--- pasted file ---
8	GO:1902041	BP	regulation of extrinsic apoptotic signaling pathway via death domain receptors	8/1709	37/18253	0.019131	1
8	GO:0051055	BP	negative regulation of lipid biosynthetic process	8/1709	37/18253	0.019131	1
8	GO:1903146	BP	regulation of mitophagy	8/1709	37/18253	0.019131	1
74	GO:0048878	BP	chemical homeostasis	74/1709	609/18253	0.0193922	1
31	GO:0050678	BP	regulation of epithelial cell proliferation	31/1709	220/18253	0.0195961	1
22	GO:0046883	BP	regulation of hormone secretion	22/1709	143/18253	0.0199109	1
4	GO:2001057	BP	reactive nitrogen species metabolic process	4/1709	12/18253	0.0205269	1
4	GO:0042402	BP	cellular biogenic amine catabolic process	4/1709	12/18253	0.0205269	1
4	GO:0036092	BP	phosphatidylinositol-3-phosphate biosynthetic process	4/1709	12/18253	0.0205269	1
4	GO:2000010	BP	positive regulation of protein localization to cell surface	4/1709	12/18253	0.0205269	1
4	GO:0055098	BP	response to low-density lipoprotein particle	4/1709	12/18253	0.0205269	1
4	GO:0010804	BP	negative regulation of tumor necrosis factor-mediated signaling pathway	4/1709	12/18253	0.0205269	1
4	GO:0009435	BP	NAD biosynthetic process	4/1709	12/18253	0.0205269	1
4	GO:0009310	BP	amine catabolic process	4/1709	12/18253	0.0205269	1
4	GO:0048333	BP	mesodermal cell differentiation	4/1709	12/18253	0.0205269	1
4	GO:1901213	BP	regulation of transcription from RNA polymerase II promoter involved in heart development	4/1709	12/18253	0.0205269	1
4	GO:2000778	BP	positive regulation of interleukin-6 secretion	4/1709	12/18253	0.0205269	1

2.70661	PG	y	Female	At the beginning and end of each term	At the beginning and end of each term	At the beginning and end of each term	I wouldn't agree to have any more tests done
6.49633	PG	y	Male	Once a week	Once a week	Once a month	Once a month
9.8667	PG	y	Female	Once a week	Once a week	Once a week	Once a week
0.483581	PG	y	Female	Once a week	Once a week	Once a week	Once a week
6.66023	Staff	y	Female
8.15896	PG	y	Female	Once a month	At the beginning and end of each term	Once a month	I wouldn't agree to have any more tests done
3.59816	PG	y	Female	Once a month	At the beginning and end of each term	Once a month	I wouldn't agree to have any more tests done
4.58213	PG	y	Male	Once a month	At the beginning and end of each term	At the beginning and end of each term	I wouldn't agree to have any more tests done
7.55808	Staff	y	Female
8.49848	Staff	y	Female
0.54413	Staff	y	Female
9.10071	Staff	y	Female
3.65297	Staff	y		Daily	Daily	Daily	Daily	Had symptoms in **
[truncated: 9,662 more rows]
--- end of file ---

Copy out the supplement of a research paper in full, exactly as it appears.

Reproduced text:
8	GO:1902041	BP	regulation of extrinsic apoptotic signaling pathway via death domain receptors	8/1709	37/18253	0.019131	1
8	GO:0051055	BP	negative regulation of lipid biosynthetic process	8/1709	37/18253	0.019131	1
8	GO:1903146	BP	regulation of mitophagy	8/1709	37/18253	0.019131	1
74	GO:0048878	BP	chemical homeostasis	74/1709	609/18253	0.0193922	1
31	GO:0050678	BP	regulation of epithelial cell proliferation	31/1709	220/18253	0.0195961	1
22	GO:0046883	BP	regulation of hormone secretion	22/1709	143/18253	0.0199109	1
4	GO:2001057	BP	reactive nitrogen species metabolic process	4/1709	12/18253	0.0205269	1
4	GO:0042402	BP	cellular biogenic amine catabolic process	4/1709	12/18253	0.0205269	1
4	GO:0036092	BP	phosphatidylinositol-3-phosphate biosynthetic process	4/1709	12/18253	0.0205269	1
4	GO:2000010	BP	positive regulation of protein localization to cell surface	4/1709	12/18253	0.0205269	1
4	GO:0055098	BP	response to low-density lipoprotein particle	4/1709	12/18253	0.0205269	1
4	GO:0010804	BP	negative regulation of tumor necrosis factor-mediated signaling pathway	4/1709	12/18253	0.0205269	1
4	GO:0009435	BP	NAD biosynthetic process	4/1709	12/18253	0.0205269	1
4	GO:0009310	BP	amine catabolic process	4/1709	12/18253	0.0205269	1
4	GO:0048333	BP	mesodermal cell differentiation	4/1709	12/18253	0.0205269	1
4	GO:1901213	BP	regulation of transcription from RNA polymerase II promoter involved in heart development	4/1709	12/18253	0.0205269	1
4	GO:2000778	BP	positive regulation of interleukin-6 secretion	4/1709	12/18253	0.0205269	1

2.70661	PG	y	Female	At the beginning and end of each term	At the beginning and end of each term	At the beginning and end of each term	I wouldn't agree to have any more tests done
6.49633	PG	y	Male	Once a week	Once a week	Once a month	Once a month
9.8667	PG	y	Female	Once a week	Once a week	Once a week	Once a week
0.483581	PG	y	Female	Once a week	Once a week	Once a week	Once a week
6.66023	Staff	y	Female
8.15896	PG	y	Female	Once a month	At the beginning and end of each term	Once a month	I wouldn't agree to have any more tests done
3.59816	PG	y	Female	Once a month	At the beginning and end of each term	Once a month	I wouldn't agree to have any more tests done
4.58213	PG	y	Male	Once a month	At the beginning and end of each term	At the beginning and end of each term	I wouldn't agree to have any more tests done
7.55808	Staff	y	Female
8.49848	Staff	y	Female
0.54413	Staff	y	Female
9.10071	Staff	y	Female
3.65297	Staff	y		Daily	Daily	Daily	Daily	Had symptoms in **
[truncated: 9,662 more rows]